The law was subject to being signed by the Ukraine President Viktor Yanukovych and it was widely believed that he would sign it in the next few weeks and that once signed the law would, for the first time, open the way to the privatisation of the State’s ports.
Unfortunately, much to the surprise of many, the President did not sign the draft and instead imposed a veto on December 7, 2011 as outlined on the Verkhovna Rada website.
According to Olena V. Losevska, partner and attorney at law at Interlegal in Odessa, the President is concerned about most aspects of the law, particularly those affecting water basins and water usage, border crossing points, privatisation and the reorganisation of the ports. Furthermore, his comments about privatisation are unclear and ambiguous and it is difficult to see how the present law can be amended, taking into account the presidential concerns.
What is the draft law that upset the president?
According to the draft law, the definition of a sea port had been amended and recognised that such facilities comprise “a defined land and water area equipped to service passenger and cargo vessels and to carry out transport and forwarding operations as well as other commercial activities.” Prior to the draft law, a seaport had no clearly defined role but was merely viewed as a state enterprise, administered from the centre.
In recognising the role of seaports, the law set out a number of explanatory functions including:
(i) All commercial activities (stevedoring, warehousing, towage, bunkering etc) would be transferred to the private sector
(ii) Maritime matters would be the responsibility of two separate authorities. On the national level, safety and navigation regulations would be provided by the State, while operational and safety matters would be the responsibility of the relevant Harbour Master operating independently of port administrations.
In addition, the draft law established legal parameters regarding the ownership of the land and water ‘territories’ with delineation of those area not subject to privatisation. Interestingly, it also stated that ‘artificial’ land plots (reclaimed land or land not currently occupied by the port) could, in future, be subject to long-term leases and concessions – a substantial change to the existing situation.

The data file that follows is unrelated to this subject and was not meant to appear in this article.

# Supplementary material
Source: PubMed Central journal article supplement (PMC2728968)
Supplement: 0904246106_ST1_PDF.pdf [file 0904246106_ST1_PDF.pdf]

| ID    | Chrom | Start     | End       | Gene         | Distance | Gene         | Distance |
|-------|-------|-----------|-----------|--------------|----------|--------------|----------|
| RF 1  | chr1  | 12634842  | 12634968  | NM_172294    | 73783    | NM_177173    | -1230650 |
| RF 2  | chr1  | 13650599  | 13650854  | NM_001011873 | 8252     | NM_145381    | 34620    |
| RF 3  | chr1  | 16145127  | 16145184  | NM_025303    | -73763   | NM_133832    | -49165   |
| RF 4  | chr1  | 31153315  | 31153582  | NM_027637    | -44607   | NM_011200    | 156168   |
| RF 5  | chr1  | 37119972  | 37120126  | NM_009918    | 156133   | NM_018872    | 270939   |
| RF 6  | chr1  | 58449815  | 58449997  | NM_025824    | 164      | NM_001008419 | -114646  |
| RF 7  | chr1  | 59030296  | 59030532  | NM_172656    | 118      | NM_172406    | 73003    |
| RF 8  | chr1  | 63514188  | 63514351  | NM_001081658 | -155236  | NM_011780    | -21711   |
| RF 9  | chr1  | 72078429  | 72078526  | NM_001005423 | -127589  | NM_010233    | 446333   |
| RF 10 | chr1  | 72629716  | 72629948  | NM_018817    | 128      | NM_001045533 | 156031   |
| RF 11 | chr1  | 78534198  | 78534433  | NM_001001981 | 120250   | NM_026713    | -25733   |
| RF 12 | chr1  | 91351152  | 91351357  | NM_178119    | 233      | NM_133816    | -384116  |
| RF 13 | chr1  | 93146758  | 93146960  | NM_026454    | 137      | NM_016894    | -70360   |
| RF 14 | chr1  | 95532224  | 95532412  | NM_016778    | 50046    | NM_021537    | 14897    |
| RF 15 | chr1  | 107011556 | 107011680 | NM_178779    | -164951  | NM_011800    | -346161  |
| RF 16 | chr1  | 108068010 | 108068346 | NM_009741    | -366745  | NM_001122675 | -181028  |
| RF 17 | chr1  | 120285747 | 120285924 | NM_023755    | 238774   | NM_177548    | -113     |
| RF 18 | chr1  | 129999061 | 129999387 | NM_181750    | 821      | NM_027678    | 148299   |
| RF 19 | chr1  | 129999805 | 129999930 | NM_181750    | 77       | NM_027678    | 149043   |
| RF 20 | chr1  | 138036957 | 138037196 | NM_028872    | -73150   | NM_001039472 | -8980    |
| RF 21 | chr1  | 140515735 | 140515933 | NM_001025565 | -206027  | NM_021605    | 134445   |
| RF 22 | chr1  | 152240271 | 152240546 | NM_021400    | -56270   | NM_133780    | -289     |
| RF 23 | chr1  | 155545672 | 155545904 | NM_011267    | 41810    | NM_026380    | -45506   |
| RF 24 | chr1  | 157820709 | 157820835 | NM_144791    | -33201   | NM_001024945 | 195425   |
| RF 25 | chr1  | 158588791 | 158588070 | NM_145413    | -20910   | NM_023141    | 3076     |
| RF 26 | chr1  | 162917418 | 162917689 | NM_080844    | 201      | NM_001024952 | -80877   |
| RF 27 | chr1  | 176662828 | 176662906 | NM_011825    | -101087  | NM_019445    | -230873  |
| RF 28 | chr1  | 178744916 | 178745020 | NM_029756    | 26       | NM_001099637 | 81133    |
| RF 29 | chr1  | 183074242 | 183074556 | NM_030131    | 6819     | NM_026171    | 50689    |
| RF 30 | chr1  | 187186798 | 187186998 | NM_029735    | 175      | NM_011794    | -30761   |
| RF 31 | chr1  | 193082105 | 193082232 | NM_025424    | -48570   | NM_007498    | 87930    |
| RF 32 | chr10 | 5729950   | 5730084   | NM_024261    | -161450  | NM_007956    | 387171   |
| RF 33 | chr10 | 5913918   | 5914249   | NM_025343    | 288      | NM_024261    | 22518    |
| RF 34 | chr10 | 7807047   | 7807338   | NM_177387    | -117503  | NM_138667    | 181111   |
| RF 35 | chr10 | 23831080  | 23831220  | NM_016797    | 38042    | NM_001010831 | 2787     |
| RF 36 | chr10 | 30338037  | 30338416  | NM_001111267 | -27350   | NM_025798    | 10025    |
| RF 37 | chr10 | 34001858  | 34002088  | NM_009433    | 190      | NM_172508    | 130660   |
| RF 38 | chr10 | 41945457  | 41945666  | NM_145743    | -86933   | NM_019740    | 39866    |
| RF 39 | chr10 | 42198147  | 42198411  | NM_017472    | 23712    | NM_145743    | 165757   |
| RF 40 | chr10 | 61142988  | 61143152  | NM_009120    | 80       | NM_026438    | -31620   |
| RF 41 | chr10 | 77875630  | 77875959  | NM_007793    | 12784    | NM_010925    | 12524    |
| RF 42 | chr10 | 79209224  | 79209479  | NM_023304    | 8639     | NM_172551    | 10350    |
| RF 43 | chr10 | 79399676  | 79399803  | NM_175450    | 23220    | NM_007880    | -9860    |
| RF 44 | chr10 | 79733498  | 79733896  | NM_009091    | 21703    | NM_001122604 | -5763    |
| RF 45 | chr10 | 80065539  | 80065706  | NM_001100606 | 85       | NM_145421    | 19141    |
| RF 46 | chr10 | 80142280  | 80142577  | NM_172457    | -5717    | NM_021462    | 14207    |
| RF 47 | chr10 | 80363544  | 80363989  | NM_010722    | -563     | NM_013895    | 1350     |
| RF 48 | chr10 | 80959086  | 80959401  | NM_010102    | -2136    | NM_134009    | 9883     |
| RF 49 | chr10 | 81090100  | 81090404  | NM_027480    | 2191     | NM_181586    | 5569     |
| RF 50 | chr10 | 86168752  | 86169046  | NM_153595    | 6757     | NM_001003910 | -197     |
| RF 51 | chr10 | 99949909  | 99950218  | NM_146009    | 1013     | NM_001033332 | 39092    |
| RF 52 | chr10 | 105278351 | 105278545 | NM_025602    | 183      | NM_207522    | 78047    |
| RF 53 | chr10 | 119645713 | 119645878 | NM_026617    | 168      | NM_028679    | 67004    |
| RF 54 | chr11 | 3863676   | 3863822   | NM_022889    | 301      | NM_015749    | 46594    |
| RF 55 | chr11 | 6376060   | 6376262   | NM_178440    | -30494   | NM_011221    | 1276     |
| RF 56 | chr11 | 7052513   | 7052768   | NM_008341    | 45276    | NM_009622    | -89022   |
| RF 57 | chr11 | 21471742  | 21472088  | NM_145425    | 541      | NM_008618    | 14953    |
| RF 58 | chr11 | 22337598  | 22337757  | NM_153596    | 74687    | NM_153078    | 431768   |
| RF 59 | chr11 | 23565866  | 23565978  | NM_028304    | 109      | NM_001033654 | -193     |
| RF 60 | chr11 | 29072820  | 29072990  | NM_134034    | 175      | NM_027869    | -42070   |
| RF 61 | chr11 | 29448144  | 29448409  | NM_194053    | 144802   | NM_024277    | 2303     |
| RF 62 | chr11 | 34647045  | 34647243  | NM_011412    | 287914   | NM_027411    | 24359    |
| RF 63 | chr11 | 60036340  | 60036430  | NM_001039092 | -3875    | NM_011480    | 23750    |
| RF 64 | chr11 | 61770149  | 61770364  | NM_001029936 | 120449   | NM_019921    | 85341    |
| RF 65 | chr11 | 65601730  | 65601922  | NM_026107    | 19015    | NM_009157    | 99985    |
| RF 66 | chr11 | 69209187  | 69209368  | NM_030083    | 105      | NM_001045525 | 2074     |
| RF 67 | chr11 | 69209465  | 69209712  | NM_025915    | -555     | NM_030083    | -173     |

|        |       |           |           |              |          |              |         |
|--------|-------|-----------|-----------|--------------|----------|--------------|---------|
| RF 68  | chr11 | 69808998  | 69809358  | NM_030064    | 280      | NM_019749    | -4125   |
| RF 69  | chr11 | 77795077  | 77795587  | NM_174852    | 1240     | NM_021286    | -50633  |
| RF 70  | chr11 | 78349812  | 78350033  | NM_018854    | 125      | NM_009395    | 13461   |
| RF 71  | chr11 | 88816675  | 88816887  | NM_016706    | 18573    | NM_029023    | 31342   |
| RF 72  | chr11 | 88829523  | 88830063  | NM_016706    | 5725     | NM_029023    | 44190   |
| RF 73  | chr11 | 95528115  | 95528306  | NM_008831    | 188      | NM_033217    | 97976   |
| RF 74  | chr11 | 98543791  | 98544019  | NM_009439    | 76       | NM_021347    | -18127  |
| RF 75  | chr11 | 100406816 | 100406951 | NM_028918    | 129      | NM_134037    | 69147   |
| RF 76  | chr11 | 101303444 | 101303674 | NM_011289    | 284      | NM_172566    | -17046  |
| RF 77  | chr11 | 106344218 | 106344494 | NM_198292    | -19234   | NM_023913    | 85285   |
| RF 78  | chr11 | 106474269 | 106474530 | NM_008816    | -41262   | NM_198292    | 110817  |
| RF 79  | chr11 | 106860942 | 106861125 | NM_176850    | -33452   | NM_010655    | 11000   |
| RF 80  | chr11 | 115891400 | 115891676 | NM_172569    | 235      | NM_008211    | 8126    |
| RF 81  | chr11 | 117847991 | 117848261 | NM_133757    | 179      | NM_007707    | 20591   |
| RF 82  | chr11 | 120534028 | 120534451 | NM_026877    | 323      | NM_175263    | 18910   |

In more detail, the draft law outlines what part of port areas (land and water) would remain under state control. These include: strategic property which cannot be privatised, leased or concessionalised, water channels, berths and quays, protection facilities and alarm systems, engineering infrastructure, drainage, roads and railways. These – and the land under them – cannot be privatised. All other port assets and land plots (except the water areas and reclaimed land) can be privatised.
Moreover, the state would guarantee the right of private ownership of berths constructed by the private sector prior to the law coming into force.
The importance of privatisation
With privatisation being the main instrument of the reform, there then follows a long list of legal interpretations of ownership and, state responsibilities. The most interesting of these being the proviso that if previous concession approval had been granted to a company prior to the law coming into force, that company would be entitled to purchase the property (provided it has carried out improvements for an amount not less than 25% of its depreciated value) at the time of privatisation. In other words, it would be possible to buy (without tender) the assets (buildings etc) from the port – subject to the lease contract being in place before the law came into being.
The intention was for the law to come into force 12 months after the date it was published but now it is anyone’s guess as to what will happen.